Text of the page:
BOSTON — As the Legislature gears up to take another run at making comprehensive reforms to health care, lawmakers and health care executives on Tuesday pitched a variety of ideas they said would help to control the cost of care in Massachusetts.

Among the roughly 30 bills before the Committee on Health Care Financing on Tuesday were a series of bills related to community hospitals, which often serve as lower-cost alternatives to larger institutions. Stabilizing community hospitals was a central focus of the health care reform bill House and Senate lawmakers could not finalize before last session ended.

Community hospitals contend with a gap between the rates paid to large research hospitals and those paid to smaller community providers. The state's larger teaching hospitals often argue that the higher rates they receive are necessary to support their teaching and medical research functions.

"Delivering health care of the same quality, with the same outcomes, is a challenge we meet, for now. We do it in spite of our low health plan rates, and very high exposure to Medicaid. This combination is typical for hospitals in communities like Lawrence, Brockton and Holyoke — high Medicaid volume, low commercial rates," Lawrence General Hospital President and CEO Dianne Anderson told the committee. "Massachusetts is unwittingly, and with no policies to arrest it, building a two-tiered system of health providers — one tier is paid well and serves largely commercially insured patients, and one that is paid poorly that serves a growing proportion of low-income patients."

Anderson — along with Win Brown, CEO of Heywood Hospital in Gardner, Cambridge Health Alliance Chief Medical Officer Dr. Ayyad Sayah and Dan Keenan, vice president of Mercy Hospital in Springfield — testified in favor of a Rep. Frank Moran bill (H 1184) that would increase the price floor to a minimum of 90 percent of the statewide average relative price, similar to an approach adopted last session by the Senate.

"The remedy is affordable," Anderson said. "If health plans paid us and all of the other providers who are paid less than 90 percent of the average relative price, at that level, it would cost a fraction of 1 percent of the total annual commercial health care spend in Massachusetts."

When the Senate considered it last year, the cost of bringing all hospital payment rates up to 90 percent of the statewide relative price was estimated at an additional $180 million each year. The House's approach last session was to authorize $337 million in new assessments to stabilize community hospitals.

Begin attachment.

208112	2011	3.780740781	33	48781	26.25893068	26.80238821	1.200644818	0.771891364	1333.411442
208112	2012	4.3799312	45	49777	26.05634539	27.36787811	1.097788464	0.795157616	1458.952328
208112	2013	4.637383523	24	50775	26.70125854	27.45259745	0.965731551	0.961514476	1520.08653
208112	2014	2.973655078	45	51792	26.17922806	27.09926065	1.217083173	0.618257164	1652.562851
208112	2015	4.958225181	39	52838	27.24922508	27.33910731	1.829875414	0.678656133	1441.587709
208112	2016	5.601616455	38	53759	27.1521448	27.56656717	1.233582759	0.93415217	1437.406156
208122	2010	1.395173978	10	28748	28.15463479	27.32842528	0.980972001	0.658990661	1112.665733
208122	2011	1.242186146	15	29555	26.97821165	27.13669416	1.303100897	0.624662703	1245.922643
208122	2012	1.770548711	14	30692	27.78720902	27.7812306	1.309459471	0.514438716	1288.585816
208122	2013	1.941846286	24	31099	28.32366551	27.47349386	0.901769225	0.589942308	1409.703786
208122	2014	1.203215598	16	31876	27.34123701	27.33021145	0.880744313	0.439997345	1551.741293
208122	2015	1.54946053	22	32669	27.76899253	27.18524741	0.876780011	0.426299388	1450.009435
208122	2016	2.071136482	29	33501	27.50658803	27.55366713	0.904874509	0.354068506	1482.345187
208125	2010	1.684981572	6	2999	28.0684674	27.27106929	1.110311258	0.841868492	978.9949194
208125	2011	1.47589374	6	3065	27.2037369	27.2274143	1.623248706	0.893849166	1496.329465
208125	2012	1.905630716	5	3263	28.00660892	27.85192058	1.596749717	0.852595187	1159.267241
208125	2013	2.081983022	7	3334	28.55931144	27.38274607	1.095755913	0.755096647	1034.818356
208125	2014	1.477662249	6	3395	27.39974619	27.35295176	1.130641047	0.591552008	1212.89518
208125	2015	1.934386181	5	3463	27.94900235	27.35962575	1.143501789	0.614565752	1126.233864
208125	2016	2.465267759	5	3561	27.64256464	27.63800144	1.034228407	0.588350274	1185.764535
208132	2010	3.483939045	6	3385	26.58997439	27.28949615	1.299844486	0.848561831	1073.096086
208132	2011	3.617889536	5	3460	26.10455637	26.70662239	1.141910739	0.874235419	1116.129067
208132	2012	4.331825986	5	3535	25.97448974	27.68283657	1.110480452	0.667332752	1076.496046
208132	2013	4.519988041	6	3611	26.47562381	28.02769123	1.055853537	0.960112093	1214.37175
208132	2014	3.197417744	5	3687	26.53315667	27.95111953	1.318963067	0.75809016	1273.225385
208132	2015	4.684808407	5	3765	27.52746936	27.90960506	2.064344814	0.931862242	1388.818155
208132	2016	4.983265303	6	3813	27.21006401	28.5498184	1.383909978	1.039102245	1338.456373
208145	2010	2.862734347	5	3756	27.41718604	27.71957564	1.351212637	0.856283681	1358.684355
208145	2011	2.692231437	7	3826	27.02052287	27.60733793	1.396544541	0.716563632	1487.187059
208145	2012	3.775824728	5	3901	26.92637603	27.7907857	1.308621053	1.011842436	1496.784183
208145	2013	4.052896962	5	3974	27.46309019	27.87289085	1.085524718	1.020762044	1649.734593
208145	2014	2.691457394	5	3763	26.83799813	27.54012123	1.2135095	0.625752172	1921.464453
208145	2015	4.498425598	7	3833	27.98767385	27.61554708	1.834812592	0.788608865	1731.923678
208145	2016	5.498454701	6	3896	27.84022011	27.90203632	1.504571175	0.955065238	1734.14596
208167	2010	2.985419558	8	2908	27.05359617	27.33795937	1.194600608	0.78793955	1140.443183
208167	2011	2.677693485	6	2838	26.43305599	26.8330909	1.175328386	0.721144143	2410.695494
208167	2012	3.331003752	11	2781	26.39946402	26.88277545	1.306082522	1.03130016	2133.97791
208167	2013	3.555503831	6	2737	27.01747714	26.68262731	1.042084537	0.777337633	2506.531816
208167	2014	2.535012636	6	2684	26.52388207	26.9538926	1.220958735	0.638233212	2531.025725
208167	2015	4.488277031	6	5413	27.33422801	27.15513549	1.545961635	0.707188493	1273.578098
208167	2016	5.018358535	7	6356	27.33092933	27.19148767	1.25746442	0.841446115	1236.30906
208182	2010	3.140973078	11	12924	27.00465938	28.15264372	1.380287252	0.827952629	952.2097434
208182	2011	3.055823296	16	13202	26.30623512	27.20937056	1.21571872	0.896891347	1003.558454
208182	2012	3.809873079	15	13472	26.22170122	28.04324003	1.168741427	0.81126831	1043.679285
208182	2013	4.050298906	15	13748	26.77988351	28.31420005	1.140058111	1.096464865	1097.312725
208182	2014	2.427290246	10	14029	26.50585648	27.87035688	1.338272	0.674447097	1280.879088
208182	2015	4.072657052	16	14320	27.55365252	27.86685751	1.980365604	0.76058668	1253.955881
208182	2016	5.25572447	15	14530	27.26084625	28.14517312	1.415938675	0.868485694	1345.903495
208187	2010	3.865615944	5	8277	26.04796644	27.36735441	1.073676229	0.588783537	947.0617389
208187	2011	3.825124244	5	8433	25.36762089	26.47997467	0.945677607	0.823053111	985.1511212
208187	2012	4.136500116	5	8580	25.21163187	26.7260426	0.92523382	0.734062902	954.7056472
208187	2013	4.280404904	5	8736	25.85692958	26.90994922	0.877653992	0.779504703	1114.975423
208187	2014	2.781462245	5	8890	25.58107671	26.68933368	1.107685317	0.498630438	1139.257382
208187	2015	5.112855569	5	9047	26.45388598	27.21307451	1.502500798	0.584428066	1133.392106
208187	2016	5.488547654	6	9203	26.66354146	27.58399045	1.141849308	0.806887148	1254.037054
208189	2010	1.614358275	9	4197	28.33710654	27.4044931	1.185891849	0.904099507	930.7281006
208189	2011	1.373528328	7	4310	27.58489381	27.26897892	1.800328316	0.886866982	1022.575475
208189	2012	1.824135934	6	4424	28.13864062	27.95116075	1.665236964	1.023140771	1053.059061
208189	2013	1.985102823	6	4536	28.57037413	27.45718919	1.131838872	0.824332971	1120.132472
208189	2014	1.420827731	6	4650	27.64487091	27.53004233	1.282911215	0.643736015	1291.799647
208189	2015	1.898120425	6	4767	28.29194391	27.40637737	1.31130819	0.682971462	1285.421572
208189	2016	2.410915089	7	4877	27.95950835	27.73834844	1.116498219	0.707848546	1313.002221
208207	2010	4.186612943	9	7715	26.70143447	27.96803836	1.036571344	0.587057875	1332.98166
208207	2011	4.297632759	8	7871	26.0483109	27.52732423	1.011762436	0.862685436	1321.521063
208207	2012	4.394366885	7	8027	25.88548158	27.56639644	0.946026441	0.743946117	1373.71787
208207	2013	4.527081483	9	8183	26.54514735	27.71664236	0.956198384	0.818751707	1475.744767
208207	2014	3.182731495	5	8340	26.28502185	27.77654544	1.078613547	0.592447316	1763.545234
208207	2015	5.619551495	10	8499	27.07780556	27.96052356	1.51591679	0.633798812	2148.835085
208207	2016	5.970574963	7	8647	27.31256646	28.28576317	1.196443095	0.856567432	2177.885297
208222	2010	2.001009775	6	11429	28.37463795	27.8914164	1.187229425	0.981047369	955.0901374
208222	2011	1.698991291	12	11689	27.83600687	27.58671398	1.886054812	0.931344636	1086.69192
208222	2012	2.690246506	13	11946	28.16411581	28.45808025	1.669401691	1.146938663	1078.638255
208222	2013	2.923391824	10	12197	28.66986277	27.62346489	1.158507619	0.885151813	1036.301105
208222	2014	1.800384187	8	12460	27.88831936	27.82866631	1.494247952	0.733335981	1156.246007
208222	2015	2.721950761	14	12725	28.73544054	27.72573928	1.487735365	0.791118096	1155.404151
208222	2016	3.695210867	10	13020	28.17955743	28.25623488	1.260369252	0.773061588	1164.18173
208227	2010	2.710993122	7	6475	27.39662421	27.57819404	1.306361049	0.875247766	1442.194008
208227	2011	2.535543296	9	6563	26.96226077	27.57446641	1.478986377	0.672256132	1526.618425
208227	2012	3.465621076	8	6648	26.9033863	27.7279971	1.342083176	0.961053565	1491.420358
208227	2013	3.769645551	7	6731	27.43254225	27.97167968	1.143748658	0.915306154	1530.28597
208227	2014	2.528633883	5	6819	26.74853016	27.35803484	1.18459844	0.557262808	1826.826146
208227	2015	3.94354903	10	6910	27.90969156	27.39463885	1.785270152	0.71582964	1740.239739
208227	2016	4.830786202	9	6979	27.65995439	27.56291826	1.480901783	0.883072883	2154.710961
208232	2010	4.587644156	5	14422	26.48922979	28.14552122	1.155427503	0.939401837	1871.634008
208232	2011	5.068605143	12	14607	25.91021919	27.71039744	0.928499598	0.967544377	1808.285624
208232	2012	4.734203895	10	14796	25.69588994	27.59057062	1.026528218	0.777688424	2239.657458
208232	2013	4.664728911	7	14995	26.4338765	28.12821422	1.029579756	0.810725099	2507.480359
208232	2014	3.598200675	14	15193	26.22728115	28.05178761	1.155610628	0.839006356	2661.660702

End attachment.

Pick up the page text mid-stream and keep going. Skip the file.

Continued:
"As we take up health care reform again this session, it is clear that community health centers are an imperative part of that discussion," Rep. Thomas Stanley said, testifying in support of a Rep. Kevin Honan bill (H 1165) that would create a Community Health Center Transformation Fund and instruct the state to provide at least $15 million annually to community health centers based on need.

The committee, which is likely to serve as the point of origin for whatever health care reform legislation the House and Senate plan to take up this session, also heard Tuesday about a bill (H 1156) filed by Rep. Ken Gordon to allow patients on MassHealth, the state's Medicaid insurer, to receive care at an urgent care center without having a referral from their primary care physician.

"MassHealth requires a referral in order to treat a patient that comes in without a referral from a PCP, primary care physician. No other insurance company requires such a referral," Gordon said.

Dave Adams, president of Freedom Health Holdings, which oversees six Massachusetts urgent health centers, said the average cost of care at an urgent care center is about five times lower than the cost of the same care at a hospital's emergency department. Because MassHealth patients need a PCP referral to receive care at an urgent care facility, Adams said many instead go to ERs for treatment when their primary care doctor is not available.

"We believe we can lower the cost of health care in the state of Massachusetts by many tens of millions of dollars by allowing us to treat MassHealth patients in our urgent care clinics without a referral so that those patients don't go to ER and use them as a primary care office," he said.

And the committee also heard Tuesday morning about a Medicaid issue that Rep. Tricia Farley-Bouvier said might go unnoticed in most parts of the state. When a resident from her Pittsfield district gets treatment at a hospital in another state, like nearby Vermont or New York, she said it often costs MassHealth more than if that patient received care in Massachusetts.

"Southern Vermont Medical Center is paid the statewide average, which is more than the Western Mass. hospital rate, and so it has created a kind of perverse incentive for Southern Vermont Medical Center to advertise, in particular, in northern Berkshire County to pull patients to them because they get paid more than Berkshire Medical Center and, interestingly, they get paid more for a Berkshire County resident than a Bennington, Vermont, resident," Farley-Bouvier said.

That system has led to "a lot of billboards in Berkshire County for Southern Vermont Medical Center," a hospital which Farley-Bouvier said is about 30 minutes closer to Pittsfield than Baystate Medical Center in Springfield.

Farley-Bouvier proposed legislation (H 1149) under which MassHealth would reimburse out-of-state hospitals at the rate in that state, not at the Massachusetts rate.

"MassHealth would pay the Vermont rate for Vermont, the New York rate for those going to Albany," she said.